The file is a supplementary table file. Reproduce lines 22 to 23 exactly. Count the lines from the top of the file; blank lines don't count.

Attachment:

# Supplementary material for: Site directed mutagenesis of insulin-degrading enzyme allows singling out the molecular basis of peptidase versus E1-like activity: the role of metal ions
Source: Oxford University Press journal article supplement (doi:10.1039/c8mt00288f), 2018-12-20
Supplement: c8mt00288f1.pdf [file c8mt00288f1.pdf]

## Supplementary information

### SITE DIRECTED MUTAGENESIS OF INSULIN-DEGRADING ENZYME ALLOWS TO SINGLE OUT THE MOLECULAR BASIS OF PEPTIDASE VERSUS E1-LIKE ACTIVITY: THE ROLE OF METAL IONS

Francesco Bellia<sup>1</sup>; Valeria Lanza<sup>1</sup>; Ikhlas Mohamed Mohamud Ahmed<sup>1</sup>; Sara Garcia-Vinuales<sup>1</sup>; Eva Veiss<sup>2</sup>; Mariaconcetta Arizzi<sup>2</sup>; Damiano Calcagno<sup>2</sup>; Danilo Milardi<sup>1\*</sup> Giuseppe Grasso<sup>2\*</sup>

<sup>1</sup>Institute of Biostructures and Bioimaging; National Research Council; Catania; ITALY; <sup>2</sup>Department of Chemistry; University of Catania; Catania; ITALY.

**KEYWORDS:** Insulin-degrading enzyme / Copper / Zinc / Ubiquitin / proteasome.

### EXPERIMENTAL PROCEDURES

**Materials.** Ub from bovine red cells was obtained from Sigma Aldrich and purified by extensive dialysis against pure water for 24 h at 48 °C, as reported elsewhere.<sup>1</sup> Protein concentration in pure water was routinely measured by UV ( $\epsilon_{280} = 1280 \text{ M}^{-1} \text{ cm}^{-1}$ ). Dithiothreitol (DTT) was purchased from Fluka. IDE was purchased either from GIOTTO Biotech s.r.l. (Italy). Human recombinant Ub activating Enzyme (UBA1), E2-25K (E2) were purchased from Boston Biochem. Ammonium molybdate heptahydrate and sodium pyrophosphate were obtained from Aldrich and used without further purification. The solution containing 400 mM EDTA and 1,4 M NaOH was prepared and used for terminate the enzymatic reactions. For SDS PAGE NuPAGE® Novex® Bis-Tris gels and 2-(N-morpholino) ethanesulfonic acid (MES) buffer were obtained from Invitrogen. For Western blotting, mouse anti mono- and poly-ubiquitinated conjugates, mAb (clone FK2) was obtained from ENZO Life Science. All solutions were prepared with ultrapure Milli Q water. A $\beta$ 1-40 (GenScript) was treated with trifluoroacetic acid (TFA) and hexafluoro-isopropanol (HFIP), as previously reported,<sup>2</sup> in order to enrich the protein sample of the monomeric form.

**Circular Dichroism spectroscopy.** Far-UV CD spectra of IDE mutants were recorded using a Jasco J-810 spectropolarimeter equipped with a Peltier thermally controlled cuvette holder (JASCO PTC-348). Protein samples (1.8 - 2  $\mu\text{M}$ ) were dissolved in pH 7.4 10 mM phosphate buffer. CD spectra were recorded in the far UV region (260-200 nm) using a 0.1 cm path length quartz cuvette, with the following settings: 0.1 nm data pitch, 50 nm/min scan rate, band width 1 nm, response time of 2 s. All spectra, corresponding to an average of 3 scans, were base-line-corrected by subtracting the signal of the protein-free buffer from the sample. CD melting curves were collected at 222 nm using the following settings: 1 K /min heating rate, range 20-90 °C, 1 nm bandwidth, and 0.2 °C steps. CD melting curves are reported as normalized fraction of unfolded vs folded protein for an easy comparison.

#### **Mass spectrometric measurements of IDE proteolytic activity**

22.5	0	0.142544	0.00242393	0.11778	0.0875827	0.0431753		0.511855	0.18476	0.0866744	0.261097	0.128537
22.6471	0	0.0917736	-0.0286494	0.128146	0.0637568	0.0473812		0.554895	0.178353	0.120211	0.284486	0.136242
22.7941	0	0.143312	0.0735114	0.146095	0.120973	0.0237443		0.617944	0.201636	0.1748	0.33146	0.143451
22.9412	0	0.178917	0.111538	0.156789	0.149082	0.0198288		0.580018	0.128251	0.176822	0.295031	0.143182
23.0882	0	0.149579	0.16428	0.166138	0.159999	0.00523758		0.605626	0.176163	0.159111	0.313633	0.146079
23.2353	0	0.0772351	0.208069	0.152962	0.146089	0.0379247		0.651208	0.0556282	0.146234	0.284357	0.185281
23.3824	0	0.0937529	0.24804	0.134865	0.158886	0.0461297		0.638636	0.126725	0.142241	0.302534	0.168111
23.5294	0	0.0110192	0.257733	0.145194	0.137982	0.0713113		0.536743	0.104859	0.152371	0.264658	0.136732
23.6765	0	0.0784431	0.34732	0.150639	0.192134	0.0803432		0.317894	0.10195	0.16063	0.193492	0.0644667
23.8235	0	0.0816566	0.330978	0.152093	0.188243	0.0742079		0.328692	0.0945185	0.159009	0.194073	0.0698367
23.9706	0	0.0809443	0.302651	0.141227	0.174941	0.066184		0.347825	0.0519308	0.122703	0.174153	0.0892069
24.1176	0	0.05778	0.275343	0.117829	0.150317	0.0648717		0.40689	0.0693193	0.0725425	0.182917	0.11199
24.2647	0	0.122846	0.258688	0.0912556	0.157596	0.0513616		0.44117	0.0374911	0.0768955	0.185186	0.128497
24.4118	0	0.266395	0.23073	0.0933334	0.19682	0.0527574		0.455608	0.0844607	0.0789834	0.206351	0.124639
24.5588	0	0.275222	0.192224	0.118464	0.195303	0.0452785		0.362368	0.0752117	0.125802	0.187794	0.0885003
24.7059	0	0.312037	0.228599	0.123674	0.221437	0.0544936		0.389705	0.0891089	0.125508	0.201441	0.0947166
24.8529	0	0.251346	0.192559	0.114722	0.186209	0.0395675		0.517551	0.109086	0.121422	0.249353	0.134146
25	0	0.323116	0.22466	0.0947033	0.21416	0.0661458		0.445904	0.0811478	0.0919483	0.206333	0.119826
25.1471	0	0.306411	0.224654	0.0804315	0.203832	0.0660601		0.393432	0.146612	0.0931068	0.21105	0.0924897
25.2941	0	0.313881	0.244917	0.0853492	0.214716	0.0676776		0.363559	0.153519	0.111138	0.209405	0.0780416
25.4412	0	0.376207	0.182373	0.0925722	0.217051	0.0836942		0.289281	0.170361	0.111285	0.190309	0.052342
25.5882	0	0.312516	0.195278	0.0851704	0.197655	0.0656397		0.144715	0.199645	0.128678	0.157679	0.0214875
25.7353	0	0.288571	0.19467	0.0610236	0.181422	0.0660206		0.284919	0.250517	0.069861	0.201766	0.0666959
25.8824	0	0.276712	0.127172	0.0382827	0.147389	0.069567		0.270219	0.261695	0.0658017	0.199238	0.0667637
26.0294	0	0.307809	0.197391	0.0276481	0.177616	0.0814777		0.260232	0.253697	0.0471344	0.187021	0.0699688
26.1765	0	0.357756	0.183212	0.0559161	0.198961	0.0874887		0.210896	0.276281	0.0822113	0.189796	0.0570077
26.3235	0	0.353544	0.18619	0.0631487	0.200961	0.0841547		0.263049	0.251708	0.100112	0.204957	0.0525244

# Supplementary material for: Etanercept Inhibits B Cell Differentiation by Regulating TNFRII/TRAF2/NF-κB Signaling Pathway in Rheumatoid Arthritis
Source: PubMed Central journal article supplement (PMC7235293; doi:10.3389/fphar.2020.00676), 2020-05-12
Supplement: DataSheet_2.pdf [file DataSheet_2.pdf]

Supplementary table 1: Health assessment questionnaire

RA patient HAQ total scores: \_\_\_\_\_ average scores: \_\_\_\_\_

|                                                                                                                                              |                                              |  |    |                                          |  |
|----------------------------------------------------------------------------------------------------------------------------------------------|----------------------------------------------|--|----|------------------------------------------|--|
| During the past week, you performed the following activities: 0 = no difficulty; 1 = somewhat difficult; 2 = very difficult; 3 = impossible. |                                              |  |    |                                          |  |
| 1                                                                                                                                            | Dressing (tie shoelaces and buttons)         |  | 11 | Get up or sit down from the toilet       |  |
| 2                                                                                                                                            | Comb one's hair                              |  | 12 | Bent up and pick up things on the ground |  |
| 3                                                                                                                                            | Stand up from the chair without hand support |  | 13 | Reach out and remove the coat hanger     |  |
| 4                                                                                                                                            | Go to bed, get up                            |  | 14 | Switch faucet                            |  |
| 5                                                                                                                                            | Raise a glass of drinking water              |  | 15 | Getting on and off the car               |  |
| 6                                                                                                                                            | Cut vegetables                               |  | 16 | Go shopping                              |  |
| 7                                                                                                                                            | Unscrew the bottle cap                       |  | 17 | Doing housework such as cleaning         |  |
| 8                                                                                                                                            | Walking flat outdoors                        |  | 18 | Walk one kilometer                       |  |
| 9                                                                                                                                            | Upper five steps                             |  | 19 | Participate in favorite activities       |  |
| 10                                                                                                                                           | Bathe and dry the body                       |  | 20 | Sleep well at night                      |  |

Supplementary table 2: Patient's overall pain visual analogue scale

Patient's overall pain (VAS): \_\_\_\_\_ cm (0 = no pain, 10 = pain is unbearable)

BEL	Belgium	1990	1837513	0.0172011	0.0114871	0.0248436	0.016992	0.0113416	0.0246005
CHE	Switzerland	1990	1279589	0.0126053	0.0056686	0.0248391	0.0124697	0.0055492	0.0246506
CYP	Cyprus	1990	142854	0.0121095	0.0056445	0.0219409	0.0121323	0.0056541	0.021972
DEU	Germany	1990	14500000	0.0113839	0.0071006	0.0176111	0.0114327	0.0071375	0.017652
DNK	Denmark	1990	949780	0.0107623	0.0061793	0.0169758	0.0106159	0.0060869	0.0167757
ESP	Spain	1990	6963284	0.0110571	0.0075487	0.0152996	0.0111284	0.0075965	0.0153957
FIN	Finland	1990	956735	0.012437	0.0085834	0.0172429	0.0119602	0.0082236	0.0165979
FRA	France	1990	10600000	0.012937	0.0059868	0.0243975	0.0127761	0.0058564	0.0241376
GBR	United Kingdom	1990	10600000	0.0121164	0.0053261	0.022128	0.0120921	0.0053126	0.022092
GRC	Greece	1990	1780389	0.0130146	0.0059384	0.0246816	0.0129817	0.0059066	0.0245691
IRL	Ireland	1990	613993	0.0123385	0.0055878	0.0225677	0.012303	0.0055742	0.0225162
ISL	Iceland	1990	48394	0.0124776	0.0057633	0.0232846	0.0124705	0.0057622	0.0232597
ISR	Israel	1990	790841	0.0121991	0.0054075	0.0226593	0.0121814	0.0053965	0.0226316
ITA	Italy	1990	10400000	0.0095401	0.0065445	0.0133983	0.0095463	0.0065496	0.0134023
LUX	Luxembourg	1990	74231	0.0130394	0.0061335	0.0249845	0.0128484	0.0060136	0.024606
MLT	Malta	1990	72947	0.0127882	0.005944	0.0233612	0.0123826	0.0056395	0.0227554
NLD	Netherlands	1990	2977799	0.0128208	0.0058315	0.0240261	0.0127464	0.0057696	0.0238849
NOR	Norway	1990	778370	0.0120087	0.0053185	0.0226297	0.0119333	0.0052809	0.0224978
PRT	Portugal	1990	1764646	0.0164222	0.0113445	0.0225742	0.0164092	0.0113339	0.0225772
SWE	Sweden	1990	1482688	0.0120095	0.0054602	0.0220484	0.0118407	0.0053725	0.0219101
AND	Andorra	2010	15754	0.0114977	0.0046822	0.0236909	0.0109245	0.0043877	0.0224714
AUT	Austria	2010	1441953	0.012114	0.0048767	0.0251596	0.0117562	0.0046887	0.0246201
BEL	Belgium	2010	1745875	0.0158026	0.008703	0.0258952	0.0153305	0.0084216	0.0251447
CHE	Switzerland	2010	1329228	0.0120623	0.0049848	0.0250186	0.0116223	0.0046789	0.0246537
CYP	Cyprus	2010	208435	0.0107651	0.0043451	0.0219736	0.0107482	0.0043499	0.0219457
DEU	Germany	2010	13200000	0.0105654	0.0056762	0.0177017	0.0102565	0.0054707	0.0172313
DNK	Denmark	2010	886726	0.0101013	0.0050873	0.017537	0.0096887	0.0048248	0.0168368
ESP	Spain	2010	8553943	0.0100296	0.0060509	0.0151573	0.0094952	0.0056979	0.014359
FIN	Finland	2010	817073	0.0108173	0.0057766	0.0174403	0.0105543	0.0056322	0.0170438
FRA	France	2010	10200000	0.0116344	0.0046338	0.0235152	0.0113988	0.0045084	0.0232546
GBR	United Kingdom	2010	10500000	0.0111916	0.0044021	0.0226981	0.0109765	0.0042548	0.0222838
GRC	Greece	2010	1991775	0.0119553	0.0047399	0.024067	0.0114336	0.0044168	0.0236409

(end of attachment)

23.8235	0	0.0816566	0.330978	0.152093	0.188243	0.0742079		0.328692	0.0945185	0.159009	0.194073	0.0698367
23.9706	0	0.0809443	0.302651	0.141227	0.174941	0.066184		0.347825	0.0519308	0.122703	0.174153	0.0892069